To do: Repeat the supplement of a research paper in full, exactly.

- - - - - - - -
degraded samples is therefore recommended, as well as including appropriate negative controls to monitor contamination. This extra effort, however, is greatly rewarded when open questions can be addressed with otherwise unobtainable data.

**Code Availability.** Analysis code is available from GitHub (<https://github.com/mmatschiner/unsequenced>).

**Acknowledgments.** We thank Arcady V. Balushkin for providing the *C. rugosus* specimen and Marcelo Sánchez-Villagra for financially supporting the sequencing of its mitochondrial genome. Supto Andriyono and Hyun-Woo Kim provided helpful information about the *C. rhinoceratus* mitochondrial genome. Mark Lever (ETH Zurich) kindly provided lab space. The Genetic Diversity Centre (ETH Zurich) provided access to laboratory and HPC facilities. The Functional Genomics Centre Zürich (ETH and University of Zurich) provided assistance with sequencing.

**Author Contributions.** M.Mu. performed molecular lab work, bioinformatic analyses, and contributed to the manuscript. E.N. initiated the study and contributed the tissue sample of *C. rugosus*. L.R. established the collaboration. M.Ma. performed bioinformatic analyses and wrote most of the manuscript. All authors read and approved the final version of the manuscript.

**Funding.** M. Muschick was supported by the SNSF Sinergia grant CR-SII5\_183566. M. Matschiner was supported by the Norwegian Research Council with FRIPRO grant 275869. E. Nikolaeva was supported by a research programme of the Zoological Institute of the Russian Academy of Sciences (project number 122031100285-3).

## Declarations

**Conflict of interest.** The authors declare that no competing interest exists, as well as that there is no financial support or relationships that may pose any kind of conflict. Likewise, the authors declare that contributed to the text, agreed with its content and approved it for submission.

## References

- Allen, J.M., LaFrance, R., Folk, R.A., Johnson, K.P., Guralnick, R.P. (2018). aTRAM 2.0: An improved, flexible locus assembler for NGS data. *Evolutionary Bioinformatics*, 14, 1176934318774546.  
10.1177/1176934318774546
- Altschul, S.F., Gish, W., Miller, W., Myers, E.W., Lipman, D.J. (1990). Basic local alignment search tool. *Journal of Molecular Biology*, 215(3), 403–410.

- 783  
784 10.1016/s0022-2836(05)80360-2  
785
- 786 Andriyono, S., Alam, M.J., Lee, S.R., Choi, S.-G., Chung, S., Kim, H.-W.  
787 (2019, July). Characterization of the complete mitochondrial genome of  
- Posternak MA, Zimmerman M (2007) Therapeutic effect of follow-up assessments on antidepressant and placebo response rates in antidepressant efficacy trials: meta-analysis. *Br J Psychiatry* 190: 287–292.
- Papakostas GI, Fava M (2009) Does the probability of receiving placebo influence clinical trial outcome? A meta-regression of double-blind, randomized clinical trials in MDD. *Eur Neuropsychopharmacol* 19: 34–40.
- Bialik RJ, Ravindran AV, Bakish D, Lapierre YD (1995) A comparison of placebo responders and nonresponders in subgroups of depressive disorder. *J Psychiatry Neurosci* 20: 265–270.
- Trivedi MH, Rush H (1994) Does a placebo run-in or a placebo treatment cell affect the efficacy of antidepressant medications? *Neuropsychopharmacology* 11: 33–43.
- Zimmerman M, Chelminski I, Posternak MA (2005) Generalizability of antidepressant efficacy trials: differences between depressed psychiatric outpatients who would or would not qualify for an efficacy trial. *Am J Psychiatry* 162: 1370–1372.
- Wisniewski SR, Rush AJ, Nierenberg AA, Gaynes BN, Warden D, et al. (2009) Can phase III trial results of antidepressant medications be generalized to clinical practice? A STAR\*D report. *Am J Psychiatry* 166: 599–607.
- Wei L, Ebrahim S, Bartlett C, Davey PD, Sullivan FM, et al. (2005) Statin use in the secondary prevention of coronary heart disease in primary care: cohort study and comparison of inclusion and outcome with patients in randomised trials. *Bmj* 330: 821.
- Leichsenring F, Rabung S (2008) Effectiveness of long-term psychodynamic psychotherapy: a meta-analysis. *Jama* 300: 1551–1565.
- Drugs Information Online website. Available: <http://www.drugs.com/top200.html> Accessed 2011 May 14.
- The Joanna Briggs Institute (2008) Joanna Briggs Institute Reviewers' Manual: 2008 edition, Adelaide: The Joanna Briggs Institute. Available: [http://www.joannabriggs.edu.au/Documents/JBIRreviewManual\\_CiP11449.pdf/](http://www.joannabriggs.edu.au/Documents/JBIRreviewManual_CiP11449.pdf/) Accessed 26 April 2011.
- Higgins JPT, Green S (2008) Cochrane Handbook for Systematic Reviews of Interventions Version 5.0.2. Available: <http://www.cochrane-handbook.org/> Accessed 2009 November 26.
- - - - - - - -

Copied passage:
degraded samples is therefore recommended, as well as including appropriate negative controls to monitor contamination. This extra effort, however, is greatly rewarded when open questions can be addressed with otherwise unobtainable data.

**Code Availability.** Analysis code is available from GitHub (<https://github.com/mmatschiner/unsequenced>).

**Acknowledgments.** We thank Arcady V. Balushkin for providing the *C. rugosus* specimen and Marcelo Sánchez-Villagra for financially supporting the sequencing of its mitochondrial genome. Supto Andriyono and Hyun-Woo Kim provided helpful information about the *C. rhinoceratus* mitochondrial genome. Mark Lever (ETH Zurich) kindly provided lab space. The Genetic Diversity Centre (ETH Zurich) provided access to laboratory and HPC facilities. The Functional Genomics Centre Zürich (ETH and University of Zurich) provided assistance with sequencing.

**Author Contributions.** M.Mu. performed molecular lab work, bioinformatic analyses, and contributed to the manuscript. E.N. initiated the study and contributed the tissue sample of *C. rugosus*. L.R. established the collaboration. M.Ma. performed bioinformatic analyses and wrote most of the manuscript. All authors read and approved the final version of the manuscript.

**Funding.** M. Muschick was supported by the SNSF Sinergia grant CR-SII5\_183566. M. Matschiner was supported by the Norwegian Research Council with FRIPRO grant 275869. E. Nikolaeva was supported by a research programme of the Zoological Institute of the Russian Academy of Sciences (project number 122031100285-3).

## Declarations

**Conflict of interest.** The authors declare that no competing interest exists, as well as that there is no financial support or relationships that may pose any kind of conflict. Likewise, the authors declare that contributed to the text, agreed with its content and approved it for submission.

## References

- Allen, J.M., LaFrance, R., Folk, R.A., Johnson, K.P., Guralnick, R.P. (2018). aTRAM 2.0: An improved, flexible locus assembler for NGS data. *Evolutionary Bioinformatics*, 14, 1176934318774546.  
10.1177/1176934318774546
- Altschul, S.F., Gish, W., Miller, W., Myers, E.W., Lipman, D.J. (1990). Basic local alignment search tool. *Journal of Molecular Biology*, 215(3), 403–410.

- 783  
784 10.1016/s0022-2836(05)80360-2  
785
- 786 Andriyono, S., Alam, M.J., Lee, S.R., Choi, S.-G., Chung, S., Kim, H.-W.  
787 (2019, July). Characterization of the complete mitochondrial genome of  
- Posternak MA, Zimmerman M (2007) Therapeutic effect of follow-up assessments on antidepressant and placebo response rates in antidepressant efficacy trials: meta-analysis. *Br J Psychiatry* 190: 287–292.
- Papakostas GI, Fava M (2009) Does the probability of receiving placebo influence clinical trial outcome? A meta-regression of double-blind, randomized clinical trials in MDD. *Eur Neuropsychopharmacol* 19: 34–40.
- Bialik RJ, Ravindran AV, Bakish D, Lapierre YD (1995) A comparison of placebo responders and nonresponders in subgroups of depressive disorder. *J Psychiatry Neurosci* 20: 265–270.
- Trivedi MH, Rush H (1994) Does a placebo run-in or a placebo treatment cell affect the efficacy of antidepressant medications? *Neuropsychopharmacology* 11: 33–43.
- Zimmerman M, Chelminski I, Posternak MA (2005) Generalizability of antidepressant efficacy trials: differences between depressed psychiatric outpatients who would or would not qualify for an efficacy trial. *Am J Psychiatry* 162: 1370–1372.
- Wisniewski SR, Rush AJ, Nierenberg AA, Gaynes BN, Warden D, et al. (2009) Can phase III trial results of antidepressant medications be generalized to clinical practice? A STAR\*D report. *Am J Psychiatry* 166: 599–607.
- Wei L, Ebrahim S, Bartlett C, Davey PD, Sullivan FM, et al. (2005) Statin use in the secondary prevention of coronary heart disease in primary care: cohort study and comparison of inclusion and outcome with patients in randomised trials. *Bmj* 330: 821.
- Leichsenring F, Rabung S (2008) Effectiveness of long-term psychodynamic psychotherapy: a meta-analysis. *Jama* 300: 1551–1565.
- Drugs Information Online website. Available: <http://www.drugs.com/top200.html> Accessed 2011 May 14.
- The Joanna Briggs Institute (2008) Joanna Briggs Institute Reviewers' Manual: 2008 edition, Adelaide: The Joanna Briggs Institute. Available: [http://www.joannabriggs.edu.au/Documents/JBIRreviewManual\\_CiP11449.pdf/](http://www.joannabriggs.edu.au/Documents/JBIRreviewManual_CiP11449.pdf/) Accessed 26 April 2011.
- Higgins JPT, Green S (2008) Cochrane Handbook for Systematic Reviews of Interventions Version 5.0.2. Available: <http://www.cochrane-handbook.org/> Accessed 2009 November 26.